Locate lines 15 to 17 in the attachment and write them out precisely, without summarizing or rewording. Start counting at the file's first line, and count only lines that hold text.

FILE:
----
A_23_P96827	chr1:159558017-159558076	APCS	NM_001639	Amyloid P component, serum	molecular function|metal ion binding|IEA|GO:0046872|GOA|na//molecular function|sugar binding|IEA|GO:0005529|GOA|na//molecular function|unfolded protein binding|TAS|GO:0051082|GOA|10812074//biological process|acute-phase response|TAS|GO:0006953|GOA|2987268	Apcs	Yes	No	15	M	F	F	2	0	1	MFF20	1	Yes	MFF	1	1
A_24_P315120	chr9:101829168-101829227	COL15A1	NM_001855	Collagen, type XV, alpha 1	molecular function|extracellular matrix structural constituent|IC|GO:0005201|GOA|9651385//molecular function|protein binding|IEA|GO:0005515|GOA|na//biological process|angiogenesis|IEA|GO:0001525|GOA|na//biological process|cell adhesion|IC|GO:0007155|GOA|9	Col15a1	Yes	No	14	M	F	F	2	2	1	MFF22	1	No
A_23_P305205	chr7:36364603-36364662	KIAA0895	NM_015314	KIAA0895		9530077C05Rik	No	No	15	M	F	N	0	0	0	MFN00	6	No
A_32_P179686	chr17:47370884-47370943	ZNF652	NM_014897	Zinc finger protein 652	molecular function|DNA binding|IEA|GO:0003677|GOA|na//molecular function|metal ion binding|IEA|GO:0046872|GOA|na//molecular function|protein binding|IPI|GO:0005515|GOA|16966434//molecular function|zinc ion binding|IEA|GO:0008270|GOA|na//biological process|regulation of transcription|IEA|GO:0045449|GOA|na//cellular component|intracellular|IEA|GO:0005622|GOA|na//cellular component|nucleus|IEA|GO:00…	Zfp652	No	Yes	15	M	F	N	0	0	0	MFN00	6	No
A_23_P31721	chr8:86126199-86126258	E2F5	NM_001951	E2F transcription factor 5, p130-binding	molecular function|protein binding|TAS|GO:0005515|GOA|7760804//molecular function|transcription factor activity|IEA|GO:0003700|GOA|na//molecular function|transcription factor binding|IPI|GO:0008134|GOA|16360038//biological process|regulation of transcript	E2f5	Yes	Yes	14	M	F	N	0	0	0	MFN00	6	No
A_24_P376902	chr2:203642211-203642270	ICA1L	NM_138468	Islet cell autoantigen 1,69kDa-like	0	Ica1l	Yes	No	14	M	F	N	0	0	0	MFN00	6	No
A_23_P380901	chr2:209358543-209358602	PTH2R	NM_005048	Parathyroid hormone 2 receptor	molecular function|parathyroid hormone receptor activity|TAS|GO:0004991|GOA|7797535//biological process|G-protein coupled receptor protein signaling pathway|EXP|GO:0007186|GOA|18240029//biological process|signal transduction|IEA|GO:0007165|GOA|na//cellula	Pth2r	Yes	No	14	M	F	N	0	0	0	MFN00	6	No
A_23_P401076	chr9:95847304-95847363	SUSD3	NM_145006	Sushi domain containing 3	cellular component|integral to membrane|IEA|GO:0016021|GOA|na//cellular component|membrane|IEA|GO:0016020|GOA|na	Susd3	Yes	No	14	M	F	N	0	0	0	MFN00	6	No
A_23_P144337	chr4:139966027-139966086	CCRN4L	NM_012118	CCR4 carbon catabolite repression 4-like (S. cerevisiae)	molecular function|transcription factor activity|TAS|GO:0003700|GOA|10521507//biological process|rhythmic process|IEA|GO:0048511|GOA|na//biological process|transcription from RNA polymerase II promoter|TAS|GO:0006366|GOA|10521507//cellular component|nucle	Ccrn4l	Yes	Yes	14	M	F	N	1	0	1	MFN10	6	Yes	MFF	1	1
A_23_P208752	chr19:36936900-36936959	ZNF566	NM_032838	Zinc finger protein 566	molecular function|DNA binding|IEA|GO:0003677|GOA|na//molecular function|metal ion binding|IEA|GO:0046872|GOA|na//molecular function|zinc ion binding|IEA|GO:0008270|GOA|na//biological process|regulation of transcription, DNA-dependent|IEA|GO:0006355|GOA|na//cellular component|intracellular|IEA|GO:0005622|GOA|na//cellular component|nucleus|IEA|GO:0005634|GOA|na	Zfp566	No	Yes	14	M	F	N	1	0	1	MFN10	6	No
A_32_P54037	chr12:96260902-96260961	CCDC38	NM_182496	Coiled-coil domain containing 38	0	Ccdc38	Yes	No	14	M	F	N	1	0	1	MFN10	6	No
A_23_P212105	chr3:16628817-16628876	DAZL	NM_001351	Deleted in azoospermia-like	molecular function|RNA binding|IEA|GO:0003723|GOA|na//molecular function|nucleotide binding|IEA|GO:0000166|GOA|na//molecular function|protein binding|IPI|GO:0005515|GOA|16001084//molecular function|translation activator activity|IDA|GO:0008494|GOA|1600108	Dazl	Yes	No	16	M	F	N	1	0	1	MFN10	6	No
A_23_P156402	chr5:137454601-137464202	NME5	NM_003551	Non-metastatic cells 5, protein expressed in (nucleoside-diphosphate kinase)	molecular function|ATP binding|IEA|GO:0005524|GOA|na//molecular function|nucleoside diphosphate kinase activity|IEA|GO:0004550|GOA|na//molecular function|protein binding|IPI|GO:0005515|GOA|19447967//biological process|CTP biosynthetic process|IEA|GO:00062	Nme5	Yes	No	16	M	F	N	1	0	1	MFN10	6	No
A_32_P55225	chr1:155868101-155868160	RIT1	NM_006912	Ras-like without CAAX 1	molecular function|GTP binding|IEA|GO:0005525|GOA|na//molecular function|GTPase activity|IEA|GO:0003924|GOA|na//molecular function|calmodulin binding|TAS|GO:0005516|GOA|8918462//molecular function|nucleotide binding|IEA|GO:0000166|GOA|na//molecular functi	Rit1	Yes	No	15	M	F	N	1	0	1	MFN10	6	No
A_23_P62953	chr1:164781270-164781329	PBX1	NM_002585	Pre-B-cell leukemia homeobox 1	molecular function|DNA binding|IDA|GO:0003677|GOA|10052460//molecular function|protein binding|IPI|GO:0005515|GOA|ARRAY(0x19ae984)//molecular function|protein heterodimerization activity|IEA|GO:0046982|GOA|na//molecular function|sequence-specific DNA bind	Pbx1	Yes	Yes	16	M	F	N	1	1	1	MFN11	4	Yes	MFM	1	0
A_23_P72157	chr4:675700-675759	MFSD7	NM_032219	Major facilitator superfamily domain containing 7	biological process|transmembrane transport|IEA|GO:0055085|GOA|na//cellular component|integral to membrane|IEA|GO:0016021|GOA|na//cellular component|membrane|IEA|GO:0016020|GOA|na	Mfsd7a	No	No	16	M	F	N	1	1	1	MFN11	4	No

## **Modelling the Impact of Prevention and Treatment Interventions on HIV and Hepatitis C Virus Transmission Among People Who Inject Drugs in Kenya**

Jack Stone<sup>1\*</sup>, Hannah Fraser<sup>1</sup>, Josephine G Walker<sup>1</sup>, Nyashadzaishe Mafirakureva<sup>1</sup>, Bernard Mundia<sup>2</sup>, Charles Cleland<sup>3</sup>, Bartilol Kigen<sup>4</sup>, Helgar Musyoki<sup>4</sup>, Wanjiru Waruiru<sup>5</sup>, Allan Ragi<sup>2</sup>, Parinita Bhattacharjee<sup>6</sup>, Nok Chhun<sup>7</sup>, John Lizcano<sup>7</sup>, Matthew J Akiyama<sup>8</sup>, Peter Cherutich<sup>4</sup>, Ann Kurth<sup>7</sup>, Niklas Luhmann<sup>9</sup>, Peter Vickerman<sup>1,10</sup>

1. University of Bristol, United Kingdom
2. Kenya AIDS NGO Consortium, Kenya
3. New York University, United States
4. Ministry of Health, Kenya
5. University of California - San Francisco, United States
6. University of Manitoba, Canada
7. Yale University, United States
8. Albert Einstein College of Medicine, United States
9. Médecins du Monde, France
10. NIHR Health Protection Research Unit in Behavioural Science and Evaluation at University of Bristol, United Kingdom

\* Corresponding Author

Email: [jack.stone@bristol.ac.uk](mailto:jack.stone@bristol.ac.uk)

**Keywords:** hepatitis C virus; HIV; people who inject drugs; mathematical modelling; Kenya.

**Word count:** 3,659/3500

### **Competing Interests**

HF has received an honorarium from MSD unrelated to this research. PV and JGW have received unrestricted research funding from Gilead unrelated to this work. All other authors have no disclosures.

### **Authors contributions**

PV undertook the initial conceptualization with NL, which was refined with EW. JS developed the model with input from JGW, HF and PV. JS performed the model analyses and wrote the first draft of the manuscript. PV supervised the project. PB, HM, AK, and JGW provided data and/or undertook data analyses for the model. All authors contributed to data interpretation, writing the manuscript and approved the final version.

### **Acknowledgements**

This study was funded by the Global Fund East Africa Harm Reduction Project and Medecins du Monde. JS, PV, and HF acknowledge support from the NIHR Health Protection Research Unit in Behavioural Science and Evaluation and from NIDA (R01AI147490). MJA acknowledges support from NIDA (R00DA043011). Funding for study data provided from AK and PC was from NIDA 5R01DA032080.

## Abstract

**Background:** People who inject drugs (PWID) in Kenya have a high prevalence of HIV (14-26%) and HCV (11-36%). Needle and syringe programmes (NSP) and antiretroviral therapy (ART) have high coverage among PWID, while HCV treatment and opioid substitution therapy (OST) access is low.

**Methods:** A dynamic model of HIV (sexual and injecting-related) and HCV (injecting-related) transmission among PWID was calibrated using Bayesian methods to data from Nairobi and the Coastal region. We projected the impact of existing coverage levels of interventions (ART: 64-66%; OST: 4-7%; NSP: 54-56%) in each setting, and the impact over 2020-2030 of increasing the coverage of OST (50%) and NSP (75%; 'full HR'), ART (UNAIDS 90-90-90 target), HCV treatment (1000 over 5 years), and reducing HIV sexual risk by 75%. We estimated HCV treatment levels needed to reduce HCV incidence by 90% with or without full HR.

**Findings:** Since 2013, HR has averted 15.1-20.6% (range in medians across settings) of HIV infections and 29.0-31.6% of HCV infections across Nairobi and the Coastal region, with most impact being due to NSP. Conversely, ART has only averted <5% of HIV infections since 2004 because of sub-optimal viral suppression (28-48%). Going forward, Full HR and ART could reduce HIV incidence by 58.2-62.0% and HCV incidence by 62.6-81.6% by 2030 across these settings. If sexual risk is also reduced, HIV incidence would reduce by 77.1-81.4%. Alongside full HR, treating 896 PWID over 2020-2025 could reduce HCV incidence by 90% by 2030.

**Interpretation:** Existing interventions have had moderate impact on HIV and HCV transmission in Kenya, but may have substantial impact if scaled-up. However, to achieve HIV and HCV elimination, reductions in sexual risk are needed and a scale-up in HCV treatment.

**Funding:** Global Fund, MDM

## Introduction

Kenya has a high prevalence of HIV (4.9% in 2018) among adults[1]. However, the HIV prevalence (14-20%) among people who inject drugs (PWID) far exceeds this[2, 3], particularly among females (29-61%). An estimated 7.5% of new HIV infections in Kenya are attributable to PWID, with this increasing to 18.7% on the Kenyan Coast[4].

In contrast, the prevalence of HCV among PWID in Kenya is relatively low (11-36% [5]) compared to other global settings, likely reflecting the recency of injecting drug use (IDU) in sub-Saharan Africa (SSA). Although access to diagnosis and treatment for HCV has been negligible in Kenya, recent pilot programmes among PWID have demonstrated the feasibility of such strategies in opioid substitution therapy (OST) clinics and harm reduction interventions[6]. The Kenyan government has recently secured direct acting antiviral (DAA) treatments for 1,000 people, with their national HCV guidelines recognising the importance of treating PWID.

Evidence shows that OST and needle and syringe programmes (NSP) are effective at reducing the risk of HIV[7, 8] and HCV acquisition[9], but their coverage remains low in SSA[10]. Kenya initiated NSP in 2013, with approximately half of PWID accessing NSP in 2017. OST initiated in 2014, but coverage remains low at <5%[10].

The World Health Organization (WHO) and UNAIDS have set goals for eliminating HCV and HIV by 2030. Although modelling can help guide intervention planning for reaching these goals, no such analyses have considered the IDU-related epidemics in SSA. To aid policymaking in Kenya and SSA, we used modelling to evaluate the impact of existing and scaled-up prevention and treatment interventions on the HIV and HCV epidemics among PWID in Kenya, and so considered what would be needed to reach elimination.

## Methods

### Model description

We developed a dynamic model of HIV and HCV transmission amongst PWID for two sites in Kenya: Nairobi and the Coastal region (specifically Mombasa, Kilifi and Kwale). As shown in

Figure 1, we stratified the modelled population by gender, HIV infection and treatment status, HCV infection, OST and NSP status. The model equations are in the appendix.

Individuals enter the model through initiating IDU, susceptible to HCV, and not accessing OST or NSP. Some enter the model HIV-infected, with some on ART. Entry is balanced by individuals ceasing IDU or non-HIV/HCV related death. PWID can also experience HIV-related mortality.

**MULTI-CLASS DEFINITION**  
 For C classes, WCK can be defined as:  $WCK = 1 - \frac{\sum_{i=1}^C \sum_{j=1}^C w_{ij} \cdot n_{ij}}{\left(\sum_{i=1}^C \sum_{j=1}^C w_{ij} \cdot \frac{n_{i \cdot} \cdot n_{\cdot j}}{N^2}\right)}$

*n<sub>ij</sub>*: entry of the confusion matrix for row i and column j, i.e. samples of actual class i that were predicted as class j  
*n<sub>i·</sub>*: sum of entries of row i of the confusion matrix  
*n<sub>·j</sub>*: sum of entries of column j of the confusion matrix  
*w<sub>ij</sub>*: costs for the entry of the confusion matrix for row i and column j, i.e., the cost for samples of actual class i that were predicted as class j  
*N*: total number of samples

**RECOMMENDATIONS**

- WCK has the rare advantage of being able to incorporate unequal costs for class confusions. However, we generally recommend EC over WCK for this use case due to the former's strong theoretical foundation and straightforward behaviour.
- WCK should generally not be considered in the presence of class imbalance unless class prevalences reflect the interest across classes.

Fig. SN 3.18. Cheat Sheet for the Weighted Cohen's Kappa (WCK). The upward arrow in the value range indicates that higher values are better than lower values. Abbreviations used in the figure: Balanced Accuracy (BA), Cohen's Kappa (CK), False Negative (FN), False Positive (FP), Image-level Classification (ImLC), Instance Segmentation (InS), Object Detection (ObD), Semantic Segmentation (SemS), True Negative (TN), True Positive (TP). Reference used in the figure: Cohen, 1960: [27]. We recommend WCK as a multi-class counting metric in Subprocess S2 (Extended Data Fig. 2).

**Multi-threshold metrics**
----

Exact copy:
A_23_P62953	chr1:164781270-164781329	PBX1	NM_002585	Pre-B-cell leukemia homeobox 1	molecular function|DNA binding|IDA|GO:0003677|GOA|10052460//molecular function|protein binding|IPI|GO:0005515|GOA|ARRAY(0x19ae984)//molecular function|protein heterodimerization activity|IEA|GO:0046982|GOA|na//molecular function|sequence-specific DNA bind	Pbx1	Yes	Yes	16	M	F	N	1	1	1	MFN11	4	Yes	MFM	1	0
A_23_P72157	chr4:675700-675759	MFSD7	NM_032219	Major facilitator superfamily domain containing 7	biological process|transmembrane transport|IEA|GO:0055085|GOA|na//cellular component|integral to membrane|IEA|GO:0016021|GOA|na//cellular component|membrane|IEA|GO:0016020|GOA|na	Mfsd7a	No	No	16	M	F	N	1	1	1	MFN11	4	No

## **Modelling the Impact of Prevention and Treatment Interventions on HIV and Hepatitis C Virus Transmission Among People Who Inject Drugs in Kenya**